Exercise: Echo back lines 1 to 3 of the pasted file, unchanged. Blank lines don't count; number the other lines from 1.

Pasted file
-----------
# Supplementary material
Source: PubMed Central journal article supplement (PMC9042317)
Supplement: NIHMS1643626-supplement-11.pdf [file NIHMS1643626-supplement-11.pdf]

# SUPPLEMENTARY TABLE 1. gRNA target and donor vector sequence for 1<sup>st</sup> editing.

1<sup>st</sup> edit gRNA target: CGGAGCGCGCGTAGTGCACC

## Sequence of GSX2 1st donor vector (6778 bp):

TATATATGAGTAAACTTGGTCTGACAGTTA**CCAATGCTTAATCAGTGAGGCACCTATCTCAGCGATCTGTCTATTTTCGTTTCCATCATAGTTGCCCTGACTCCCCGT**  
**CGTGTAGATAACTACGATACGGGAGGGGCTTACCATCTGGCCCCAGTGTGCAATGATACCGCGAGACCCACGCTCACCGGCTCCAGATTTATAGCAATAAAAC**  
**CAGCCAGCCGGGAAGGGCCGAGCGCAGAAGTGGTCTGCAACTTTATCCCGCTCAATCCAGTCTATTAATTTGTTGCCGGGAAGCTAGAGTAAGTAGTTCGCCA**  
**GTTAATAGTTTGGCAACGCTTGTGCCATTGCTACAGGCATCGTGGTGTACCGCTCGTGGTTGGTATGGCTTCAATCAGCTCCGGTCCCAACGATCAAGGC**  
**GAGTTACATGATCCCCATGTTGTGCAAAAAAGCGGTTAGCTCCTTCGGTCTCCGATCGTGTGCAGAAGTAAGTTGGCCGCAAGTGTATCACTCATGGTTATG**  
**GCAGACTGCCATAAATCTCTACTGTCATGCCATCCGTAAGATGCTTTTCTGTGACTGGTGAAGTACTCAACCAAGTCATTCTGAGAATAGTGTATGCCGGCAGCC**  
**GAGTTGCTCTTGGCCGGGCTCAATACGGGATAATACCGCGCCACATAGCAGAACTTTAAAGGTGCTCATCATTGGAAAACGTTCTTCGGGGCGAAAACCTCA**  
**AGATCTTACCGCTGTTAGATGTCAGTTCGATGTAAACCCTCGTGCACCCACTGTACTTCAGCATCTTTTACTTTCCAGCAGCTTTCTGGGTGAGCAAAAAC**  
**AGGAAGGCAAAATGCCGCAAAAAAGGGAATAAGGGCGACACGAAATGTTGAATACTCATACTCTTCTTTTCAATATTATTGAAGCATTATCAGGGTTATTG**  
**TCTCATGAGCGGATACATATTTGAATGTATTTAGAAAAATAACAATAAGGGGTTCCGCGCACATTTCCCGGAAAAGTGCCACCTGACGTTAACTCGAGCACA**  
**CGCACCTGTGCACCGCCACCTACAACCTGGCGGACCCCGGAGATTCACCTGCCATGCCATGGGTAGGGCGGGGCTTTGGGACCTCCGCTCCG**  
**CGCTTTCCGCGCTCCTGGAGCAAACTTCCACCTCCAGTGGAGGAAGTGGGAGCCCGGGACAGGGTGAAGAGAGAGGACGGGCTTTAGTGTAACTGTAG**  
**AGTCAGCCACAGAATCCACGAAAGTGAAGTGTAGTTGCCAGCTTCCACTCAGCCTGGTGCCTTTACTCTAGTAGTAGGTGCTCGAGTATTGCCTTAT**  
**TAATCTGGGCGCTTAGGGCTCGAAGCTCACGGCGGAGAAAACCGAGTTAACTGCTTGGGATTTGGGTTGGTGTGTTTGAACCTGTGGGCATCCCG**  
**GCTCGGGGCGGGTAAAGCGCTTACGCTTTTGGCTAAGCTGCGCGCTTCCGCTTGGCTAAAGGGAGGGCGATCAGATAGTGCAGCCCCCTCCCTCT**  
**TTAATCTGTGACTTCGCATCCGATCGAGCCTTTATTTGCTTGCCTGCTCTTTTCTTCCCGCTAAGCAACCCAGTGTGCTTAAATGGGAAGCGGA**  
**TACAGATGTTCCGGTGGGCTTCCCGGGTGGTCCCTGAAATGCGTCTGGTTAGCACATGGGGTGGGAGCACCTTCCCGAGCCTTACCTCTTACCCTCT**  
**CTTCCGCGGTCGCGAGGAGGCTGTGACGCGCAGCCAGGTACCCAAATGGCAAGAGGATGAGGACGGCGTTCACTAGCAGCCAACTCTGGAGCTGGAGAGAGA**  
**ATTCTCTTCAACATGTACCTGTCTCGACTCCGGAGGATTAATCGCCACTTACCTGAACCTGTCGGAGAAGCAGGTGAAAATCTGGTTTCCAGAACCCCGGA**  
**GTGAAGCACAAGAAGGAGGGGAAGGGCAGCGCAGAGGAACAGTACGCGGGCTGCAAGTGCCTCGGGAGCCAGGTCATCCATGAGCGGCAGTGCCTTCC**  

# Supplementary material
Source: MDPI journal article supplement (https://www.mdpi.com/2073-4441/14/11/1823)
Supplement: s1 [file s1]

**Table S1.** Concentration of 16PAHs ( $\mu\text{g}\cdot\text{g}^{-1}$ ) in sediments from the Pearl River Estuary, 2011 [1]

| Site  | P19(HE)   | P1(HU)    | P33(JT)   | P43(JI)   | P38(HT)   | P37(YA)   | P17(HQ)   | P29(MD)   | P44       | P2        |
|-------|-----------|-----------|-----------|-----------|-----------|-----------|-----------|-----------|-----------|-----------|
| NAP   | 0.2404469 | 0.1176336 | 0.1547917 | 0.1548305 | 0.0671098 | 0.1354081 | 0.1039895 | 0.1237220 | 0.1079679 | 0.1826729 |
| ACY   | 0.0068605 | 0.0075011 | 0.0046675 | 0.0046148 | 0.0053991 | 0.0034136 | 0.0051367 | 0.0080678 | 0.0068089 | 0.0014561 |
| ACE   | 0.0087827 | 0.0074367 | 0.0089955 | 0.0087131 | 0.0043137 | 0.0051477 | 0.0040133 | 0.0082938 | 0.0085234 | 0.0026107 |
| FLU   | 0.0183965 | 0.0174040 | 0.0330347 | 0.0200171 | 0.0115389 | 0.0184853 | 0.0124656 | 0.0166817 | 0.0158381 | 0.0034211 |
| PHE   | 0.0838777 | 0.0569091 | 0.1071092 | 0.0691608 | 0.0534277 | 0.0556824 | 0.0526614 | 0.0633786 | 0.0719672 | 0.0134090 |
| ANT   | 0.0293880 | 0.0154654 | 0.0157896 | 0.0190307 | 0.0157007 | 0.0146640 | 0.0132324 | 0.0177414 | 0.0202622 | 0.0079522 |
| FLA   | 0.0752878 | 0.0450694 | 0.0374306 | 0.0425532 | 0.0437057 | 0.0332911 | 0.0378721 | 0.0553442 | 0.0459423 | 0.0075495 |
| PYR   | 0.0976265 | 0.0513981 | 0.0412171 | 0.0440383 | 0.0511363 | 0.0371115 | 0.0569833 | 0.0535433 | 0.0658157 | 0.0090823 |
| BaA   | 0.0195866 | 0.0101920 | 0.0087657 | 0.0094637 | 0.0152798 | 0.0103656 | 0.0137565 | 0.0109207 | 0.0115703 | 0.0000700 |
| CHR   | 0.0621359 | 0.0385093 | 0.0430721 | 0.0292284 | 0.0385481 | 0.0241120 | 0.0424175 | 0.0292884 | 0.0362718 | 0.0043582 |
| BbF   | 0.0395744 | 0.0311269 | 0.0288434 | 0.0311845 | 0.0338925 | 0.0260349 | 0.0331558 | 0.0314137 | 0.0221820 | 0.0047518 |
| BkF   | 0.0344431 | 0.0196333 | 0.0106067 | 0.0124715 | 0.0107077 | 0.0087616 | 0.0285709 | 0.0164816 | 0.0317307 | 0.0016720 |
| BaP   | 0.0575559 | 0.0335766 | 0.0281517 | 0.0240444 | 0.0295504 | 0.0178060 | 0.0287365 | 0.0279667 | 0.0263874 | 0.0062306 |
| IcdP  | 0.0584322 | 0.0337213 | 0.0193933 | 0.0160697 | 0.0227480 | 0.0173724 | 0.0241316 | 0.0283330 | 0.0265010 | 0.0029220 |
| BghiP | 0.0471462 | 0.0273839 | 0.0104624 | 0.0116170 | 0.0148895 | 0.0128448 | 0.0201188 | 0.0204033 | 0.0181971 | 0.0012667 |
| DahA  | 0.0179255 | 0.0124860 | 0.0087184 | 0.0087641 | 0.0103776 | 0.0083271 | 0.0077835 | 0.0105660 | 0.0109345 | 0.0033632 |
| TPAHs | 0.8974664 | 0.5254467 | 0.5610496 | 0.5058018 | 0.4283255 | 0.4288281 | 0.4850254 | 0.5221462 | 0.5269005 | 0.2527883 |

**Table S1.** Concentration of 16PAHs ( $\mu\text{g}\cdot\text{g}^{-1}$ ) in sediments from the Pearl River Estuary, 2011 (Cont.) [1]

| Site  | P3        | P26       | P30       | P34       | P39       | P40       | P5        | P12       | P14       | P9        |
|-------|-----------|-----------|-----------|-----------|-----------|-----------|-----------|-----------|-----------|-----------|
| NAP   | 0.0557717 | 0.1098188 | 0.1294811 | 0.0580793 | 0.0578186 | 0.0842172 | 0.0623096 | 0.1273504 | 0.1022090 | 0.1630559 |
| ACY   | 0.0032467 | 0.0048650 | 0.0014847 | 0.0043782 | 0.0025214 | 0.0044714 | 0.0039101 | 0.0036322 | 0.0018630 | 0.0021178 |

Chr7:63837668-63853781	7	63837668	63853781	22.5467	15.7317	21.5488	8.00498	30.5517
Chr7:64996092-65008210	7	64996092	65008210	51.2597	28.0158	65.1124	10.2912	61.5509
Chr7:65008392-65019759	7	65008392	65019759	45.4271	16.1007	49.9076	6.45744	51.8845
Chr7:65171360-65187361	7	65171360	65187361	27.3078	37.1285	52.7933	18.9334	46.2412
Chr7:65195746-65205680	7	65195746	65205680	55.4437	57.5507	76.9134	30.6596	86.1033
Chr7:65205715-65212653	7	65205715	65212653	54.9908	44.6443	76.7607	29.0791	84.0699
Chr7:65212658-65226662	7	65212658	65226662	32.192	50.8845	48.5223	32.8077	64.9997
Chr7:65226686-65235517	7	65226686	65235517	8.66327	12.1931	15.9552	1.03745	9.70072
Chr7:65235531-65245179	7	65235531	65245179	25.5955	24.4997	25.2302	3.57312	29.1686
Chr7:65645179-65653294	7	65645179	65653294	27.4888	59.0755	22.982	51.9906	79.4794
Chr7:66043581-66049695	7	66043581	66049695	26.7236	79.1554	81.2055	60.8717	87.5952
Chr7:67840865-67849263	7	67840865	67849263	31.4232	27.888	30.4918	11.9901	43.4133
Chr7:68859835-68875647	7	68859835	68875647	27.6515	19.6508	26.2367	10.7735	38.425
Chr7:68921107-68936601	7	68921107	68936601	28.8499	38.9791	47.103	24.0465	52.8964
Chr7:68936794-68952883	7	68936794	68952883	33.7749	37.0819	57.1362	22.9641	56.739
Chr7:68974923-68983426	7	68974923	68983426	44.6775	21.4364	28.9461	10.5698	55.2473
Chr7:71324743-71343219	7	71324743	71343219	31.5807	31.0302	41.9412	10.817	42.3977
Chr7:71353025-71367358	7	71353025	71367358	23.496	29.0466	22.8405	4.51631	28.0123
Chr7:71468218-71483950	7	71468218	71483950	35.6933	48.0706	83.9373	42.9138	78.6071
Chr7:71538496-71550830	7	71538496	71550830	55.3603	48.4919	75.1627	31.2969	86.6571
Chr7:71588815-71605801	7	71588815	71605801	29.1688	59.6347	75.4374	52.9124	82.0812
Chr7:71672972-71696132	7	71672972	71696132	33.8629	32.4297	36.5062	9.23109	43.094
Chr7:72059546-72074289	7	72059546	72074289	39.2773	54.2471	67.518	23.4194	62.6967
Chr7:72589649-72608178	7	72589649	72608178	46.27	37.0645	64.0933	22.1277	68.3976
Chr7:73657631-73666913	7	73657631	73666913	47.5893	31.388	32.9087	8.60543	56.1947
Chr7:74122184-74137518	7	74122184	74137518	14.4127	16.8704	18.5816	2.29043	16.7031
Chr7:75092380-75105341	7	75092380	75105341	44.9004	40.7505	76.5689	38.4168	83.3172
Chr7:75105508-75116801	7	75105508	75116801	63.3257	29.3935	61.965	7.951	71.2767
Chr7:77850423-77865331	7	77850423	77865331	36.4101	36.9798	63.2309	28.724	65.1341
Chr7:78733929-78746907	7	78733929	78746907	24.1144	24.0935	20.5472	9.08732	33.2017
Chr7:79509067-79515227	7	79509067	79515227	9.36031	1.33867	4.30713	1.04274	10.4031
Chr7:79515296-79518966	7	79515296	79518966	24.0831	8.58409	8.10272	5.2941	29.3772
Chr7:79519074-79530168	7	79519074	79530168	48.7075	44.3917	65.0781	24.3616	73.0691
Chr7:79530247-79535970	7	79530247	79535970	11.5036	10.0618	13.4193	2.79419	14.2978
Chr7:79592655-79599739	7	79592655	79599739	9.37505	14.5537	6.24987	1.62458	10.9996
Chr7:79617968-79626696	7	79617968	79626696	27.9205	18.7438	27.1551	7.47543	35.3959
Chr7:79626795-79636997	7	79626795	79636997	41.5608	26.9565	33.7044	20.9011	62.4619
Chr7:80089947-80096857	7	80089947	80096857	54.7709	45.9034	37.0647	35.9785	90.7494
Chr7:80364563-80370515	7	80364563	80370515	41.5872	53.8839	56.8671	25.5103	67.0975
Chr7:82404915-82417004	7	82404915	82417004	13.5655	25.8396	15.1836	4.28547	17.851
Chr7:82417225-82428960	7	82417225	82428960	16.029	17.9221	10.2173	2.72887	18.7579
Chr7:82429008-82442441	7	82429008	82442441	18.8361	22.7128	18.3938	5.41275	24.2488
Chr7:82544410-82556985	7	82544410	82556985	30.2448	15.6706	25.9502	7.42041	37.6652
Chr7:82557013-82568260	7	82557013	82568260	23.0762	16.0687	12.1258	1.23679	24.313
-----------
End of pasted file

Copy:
# Supplementary material
Source: PubMed Central journal article supplement (PMC9042317)
Supplement: NIHMS1643626-supplement-11.pdf [file NIHMS1643626-supplement-11.pdf]